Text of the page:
You can stop your Dot from listening for (and possibly mishearing) your wake word by turning off your mic via the mute button on the top of the device. Or, turn on audible alerts within Settings in the Alexa app to know when your Echo is listening beyond just the indicator light.

Bloomberg recently reported that Amazon employs workers to manually review voice recordings. You can opt-out of having your voice recordings included in the review process by going to Settings > Alexa Privacy > Manage Your Alexa Data, then toggling off the setting that says Use Voice Recordings to Improve Amazon Services. In these privacy settings, you can also delete voice recordings, which are accessible to anyone you share the app with. You can even set up auto-deletion every three or 18 months.

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FCC shuts New York out of $20B broadband fund, and senators are angry




Senator Kirsten Gillibrand speaks at a podium during a news conference while Senate Minority Leader Chuck Schumer looks on.
Enlarge / Senator Kirsten Gillibrand and Senate Minority Leader Chuck Schumer, Democrats from New York, during a news conference on the September 11th Victim Compensation Fund in Washington, DC, on Thursday, July 18, 2019.

The Federal Communications Commission has unfairly shut New York state out of a planned $20.4 billion broadband-funding program, US Senate Minority Leader Chuck Schumer (D-N.Y.) and Sen. Kirsten Gillibrand (D-N.Y.) wrote in a letter to FCC Chairman Ajit Pai last week.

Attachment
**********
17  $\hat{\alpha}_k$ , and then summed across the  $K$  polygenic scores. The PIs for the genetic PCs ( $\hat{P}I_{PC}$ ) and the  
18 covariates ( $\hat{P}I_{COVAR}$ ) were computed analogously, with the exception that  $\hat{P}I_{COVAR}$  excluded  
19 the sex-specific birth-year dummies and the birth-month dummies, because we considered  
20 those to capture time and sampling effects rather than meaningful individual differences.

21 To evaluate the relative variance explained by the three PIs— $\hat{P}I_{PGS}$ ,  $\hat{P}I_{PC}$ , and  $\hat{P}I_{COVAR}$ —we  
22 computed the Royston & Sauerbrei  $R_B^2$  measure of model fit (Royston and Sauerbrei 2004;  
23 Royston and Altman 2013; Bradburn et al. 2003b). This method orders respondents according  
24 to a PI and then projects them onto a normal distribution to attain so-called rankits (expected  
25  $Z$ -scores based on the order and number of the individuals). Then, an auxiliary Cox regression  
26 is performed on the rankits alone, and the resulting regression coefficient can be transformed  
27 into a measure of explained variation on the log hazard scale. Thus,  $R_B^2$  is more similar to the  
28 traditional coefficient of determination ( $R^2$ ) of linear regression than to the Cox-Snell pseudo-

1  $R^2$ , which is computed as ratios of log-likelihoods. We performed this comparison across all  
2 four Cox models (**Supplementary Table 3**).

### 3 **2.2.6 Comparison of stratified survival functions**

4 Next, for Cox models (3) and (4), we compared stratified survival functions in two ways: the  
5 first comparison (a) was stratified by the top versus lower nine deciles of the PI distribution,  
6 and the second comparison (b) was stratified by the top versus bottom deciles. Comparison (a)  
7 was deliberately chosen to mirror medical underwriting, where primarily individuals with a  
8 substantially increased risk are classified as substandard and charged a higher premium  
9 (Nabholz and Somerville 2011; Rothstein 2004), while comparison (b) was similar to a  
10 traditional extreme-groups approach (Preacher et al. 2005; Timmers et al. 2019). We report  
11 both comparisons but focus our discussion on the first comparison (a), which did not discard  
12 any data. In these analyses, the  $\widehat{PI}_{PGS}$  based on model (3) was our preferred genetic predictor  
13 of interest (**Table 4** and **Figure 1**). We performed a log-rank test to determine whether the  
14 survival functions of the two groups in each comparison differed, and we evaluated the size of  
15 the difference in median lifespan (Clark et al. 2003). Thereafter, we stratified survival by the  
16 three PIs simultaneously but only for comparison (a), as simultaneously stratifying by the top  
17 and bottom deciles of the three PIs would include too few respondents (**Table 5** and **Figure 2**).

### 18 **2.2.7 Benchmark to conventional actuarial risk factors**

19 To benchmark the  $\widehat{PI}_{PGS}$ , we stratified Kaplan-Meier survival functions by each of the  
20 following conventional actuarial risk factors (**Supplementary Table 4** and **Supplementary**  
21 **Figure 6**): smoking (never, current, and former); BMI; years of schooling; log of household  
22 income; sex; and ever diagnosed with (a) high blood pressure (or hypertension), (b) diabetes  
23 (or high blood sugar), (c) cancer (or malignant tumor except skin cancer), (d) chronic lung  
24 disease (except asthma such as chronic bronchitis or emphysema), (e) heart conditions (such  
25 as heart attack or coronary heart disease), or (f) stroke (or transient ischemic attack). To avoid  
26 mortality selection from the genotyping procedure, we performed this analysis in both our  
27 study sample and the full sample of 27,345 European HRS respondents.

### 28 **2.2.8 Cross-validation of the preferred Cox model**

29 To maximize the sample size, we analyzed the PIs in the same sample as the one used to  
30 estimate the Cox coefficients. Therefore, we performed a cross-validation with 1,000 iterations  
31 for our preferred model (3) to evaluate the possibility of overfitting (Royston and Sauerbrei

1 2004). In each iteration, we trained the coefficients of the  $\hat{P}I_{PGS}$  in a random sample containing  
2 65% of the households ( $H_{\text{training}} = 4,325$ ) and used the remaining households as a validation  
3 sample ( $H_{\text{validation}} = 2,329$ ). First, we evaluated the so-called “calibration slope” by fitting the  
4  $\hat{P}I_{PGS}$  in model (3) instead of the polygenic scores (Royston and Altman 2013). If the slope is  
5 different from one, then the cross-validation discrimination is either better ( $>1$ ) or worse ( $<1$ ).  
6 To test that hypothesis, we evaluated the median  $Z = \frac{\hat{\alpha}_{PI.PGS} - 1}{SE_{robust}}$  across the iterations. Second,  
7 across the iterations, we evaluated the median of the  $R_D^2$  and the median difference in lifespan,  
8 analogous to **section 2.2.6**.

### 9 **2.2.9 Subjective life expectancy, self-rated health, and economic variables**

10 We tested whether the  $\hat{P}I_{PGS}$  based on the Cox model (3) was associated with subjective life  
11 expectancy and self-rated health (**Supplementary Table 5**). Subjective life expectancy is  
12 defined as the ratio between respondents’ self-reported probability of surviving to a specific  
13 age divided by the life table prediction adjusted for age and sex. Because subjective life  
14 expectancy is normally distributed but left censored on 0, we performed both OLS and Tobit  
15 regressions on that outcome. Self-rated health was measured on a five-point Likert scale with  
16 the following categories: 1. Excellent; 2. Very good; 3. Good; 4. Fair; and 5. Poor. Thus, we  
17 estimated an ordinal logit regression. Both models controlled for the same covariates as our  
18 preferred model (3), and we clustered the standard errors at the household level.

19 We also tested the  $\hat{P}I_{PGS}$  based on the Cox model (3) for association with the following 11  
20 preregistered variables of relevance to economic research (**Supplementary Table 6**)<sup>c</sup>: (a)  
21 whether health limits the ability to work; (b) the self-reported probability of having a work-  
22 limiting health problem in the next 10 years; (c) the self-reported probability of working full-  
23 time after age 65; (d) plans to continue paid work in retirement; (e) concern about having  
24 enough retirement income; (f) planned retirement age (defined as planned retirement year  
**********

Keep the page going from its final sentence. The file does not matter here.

ISPs in 48 states are eligible for funding in the FCC rural-broadband program, which will distribute the money over 10 years to providers that expand their networks to new homes and businesses. The FCC said it blocked New York and Alaska from Phase I of the program “because of previously established programs to fund rural broadband in these states.” (Phase I will distribute $16 billion of the $20.4 billion.)

The FCC previously established a separate funding program for Alaska with $1.5 billion over 10 years. But Schumer and Gillibrand say New York has only gotten its fair share of nationwide FCC programs, rather than something extra.

“I am disappointed that the FCC chose to exclude millions of New Yorkers from potentially accessing vital broadband Internet services,” Gillibrand said in an announcement Friday. “The FCC’s justification for this is unacceptable. New York shouldn’t be penalized for helping its rural communities get online, and this proposal will only make it harder for rural residents to do just that.”

Schumer and Gillibrand’s letter urged Pai to reverse the decision and let New York-based ISPs participate in the fund, which is supposed to provide broadband access to up to 4 million rural homes and businesses nationwide. “The FCC is undermining New York State’s due process and penalizing New York for proactively creating a program to address unserved communities across the state,” their announcement said.

We contacted Pai’s office Wednesday morning about the Schumer/Gillibrand letter and will update this story if we get a response.

NY previously got $170 million